The Open Group works with the global computing community to evaluate widely used technologies and achieve consensus on which technologies should become standards. It also examines recently introduced technology that may eventually form the basis of future standards.
The market is focused on innovation, and The Open Group is positioned to move with the market.
A tough challenge
The diversity of distributed computing environments makes their security very complex. Multiple platforms, supplied by different vendors, complicate the process of implementing different security policies, and in the absence of standards, proprietary security applications do not interoperate. The result is uneven, uncertain security.
Through several initiatives, The Open Group is taking on the most difficult challenges of securing open environments. Much of its work is with the Distributed Computing Environment (DCE), one of the most rigorous secure distributed environments available. DCE incorporates Kerberos security technology, a highly-trusted, well-managed, and well-understood means of protecting open computing. In addition, The Open Group's secure web technology project is a full-featured, high-performance project that pairs the security and naming capabilities of DCE with the flexibility and breadth of the World Wide Web.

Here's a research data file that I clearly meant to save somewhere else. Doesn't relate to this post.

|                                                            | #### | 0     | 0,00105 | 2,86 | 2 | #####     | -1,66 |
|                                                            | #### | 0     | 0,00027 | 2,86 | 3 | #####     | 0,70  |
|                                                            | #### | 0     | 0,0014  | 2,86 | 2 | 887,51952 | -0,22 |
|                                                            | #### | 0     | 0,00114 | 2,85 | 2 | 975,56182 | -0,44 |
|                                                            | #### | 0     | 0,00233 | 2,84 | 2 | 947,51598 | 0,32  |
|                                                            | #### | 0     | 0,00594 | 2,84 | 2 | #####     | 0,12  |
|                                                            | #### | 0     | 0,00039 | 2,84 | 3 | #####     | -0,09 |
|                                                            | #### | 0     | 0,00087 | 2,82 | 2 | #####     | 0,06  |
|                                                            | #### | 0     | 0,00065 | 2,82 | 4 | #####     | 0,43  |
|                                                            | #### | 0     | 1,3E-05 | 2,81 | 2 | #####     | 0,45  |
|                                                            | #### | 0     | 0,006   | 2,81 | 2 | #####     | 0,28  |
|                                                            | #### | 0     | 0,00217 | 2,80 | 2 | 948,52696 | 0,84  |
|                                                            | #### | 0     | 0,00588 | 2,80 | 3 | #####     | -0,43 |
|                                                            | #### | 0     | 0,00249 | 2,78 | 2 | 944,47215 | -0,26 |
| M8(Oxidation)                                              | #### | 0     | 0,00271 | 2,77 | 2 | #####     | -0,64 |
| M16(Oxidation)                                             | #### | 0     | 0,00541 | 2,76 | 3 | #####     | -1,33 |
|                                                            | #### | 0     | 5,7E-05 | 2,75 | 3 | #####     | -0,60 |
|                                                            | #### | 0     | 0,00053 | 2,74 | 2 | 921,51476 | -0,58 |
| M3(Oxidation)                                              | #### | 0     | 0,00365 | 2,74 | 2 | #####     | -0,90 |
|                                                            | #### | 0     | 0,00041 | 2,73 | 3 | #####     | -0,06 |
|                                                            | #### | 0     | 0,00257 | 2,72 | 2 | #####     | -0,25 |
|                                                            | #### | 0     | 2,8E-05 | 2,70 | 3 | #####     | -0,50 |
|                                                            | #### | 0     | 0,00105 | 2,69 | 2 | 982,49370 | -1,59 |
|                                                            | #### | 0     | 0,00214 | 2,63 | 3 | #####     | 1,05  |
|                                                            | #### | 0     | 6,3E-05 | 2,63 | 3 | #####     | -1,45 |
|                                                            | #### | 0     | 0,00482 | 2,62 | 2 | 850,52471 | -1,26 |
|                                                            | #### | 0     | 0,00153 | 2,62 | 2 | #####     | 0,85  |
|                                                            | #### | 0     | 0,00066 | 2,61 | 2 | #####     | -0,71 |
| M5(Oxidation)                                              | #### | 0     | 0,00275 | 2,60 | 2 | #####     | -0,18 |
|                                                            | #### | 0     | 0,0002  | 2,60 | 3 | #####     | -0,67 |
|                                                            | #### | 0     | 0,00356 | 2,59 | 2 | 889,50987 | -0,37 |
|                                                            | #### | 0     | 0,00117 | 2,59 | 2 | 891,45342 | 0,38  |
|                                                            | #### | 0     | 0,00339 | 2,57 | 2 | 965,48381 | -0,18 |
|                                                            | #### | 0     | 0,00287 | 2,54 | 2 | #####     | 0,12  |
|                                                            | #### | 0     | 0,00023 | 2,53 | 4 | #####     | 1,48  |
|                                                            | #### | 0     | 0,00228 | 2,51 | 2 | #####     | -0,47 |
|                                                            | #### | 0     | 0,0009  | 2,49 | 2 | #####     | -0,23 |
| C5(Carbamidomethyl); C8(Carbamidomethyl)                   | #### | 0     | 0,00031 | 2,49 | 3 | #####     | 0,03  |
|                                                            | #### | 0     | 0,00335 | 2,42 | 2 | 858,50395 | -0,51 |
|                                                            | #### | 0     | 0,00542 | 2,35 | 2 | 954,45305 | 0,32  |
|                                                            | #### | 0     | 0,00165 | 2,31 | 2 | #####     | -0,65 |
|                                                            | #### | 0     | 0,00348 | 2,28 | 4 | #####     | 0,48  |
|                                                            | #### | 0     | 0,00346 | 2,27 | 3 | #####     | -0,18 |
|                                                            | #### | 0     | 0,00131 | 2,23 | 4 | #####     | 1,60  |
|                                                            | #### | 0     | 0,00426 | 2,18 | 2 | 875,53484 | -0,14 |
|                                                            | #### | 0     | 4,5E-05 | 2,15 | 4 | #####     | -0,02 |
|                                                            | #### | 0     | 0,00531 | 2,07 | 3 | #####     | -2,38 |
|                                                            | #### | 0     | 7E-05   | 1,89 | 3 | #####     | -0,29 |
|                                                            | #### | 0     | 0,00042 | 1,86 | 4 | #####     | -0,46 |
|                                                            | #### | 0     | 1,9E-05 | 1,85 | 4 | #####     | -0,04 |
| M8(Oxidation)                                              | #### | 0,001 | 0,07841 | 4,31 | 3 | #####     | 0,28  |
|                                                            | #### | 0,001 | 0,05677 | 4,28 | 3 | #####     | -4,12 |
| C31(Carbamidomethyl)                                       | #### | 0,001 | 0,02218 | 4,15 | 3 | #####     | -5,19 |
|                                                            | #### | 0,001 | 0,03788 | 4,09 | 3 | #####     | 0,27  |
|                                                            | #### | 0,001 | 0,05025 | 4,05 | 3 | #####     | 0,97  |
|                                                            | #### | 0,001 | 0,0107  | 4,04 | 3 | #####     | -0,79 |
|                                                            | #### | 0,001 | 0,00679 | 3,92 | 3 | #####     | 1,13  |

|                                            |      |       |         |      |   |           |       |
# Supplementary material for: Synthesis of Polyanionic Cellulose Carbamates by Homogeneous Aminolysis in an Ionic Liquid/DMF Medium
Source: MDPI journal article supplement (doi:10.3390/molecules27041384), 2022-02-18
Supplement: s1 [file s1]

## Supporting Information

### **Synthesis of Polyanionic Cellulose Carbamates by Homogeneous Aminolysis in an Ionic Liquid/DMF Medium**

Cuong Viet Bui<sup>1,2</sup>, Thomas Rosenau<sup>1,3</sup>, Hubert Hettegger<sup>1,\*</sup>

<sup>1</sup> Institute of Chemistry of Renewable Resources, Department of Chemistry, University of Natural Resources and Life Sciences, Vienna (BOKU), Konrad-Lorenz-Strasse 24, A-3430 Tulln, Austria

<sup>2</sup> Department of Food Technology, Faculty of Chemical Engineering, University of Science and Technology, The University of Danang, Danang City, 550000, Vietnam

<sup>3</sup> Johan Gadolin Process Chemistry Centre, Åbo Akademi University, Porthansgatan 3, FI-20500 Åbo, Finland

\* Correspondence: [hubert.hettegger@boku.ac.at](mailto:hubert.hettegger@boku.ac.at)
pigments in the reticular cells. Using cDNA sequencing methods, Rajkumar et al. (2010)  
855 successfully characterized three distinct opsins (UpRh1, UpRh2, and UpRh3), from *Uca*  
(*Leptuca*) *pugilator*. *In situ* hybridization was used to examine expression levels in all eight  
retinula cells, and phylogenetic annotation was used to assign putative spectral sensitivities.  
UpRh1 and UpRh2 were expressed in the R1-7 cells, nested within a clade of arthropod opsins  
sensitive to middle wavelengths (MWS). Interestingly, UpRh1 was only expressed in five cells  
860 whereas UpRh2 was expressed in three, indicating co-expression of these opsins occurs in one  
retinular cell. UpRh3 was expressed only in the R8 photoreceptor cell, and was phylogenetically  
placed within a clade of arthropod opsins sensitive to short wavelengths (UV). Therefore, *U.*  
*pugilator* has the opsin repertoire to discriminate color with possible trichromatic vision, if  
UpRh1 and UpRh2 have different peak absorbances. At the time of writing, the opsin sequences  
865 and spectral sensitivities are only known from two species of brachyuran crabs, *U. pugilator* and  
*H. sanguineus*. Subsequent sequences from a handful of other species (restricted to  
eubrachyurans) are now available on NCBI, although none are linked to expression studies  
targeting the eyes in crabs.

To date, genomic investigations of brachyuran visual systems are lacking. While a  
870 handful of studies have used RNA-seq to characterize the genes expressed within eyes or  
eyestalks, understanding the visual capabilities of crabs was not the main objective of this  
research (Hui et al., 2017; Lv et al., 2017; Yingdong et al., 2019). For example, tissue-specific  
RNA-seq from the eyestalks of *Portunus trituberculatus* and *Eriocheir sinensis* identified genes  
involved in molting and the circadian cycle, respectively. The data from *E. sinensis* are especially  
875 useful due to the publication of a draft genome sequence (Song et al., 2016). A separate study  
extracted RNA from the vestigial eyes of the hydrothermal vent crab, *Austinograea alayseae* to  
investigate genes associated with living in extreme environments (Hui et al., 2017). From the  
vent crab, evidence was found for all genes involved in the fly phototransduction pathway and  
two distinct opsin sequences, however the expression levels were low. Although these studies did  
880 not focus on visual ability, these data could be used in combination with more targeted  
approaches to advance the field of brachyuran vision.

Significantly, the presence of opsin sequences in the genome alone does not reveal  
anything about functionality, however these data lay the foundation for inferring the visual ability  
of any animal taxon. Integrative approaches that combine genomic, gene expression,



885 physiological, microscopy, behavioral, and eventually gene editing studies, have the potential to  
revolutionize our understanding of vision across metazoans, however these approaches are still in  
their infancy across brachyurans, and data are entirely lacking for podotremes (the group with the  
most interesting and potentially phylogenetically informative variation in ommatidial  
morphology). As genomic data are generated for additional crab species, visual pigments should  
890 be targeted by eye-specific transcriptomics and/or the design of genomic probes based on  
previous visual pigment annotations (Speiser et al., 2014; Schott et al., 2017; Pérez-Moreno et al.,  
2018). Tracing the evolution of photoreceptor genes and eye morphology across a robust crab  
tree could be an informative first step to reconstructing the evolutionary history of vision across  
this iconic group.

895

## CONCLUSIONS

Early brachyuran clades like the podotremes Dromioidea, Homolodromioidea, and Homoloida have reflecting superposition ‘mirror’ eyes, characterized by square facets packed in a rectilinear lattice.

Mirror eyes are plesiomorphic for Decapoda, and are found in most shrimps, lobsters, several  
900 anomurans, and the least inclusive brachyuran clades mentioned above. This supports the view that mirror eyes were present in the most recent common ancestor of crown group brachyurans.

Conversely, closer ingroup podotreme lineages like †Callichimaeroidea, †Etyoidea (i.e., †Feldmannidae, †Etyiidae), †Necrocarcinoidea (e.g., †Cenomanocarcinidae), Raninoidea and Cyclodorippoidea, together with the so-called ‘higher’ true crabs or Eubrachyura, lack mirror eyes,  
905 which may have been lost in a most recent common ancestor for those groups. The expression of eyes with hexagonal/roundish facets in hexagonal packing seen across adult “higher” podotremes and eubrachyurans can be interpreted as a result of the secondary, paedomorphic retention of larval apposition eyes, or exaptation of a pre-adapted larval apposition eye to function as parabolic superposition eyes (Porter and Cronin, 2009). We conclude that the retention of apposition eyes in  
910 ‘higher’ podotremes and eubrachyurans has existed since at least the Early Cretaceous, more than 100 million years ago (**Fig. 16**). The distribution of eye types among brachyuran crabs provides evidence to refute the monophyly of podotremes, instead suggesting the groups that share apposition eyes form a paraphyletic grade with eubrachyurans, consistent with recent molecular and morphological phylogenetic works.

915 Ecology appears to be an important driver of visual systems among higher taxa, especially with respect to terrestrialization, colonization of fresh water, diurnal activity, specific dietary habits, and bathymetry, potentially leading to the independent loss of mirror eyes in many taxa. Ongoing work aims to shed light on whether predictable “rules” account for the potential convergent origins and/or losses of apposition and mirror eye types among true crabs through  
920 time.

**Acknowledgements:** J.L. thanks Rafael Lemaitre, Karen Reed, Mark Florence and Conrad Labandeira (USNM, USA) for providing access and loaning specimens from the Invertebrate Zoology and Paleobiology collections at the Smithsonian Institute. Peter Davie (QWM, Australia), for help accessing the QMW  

The security initiatives of the Open Group include:
OSMOSIS, another Open Group project, is researching improvements to Java security, specifically policies to deal with applets as they are loaded on computers. In addition, efforts at The Open Group will allow Java to be used as a first-class programming language for DCE, along with other conventional languages. With WISE (Web Integrated with Security enhancements), The Open Group plans to test the utility of its secure web and collaborative webware technologies by setting up a distributed worldwide environment for collaborative projects with its membership.
Government-funded, the Adage project is advanced authorization work that prototypes mechanisms that accept high-level security policy descriptions and produce low-level access-control privileges. The B3 level operating system project produces software-development techniques in C++ that yield high-assurance software.
The Open Group further addresses system-level security with Baseline Security 96, which applies to any computing platform and provides a standard, safe configuration when systems are first installed. Secure Communications Services is a platform-neutral component based on conformance to the X/Open GSS-API specification, providing mutual of distributed software components and protection of the ongoing communications between them. These specifications are being widely adopted as procurement standards for purchasing a high-level security system. In addition, suppliers that carry the X/Open brand for security from The Open Group guarantee that their products conform to these specifications.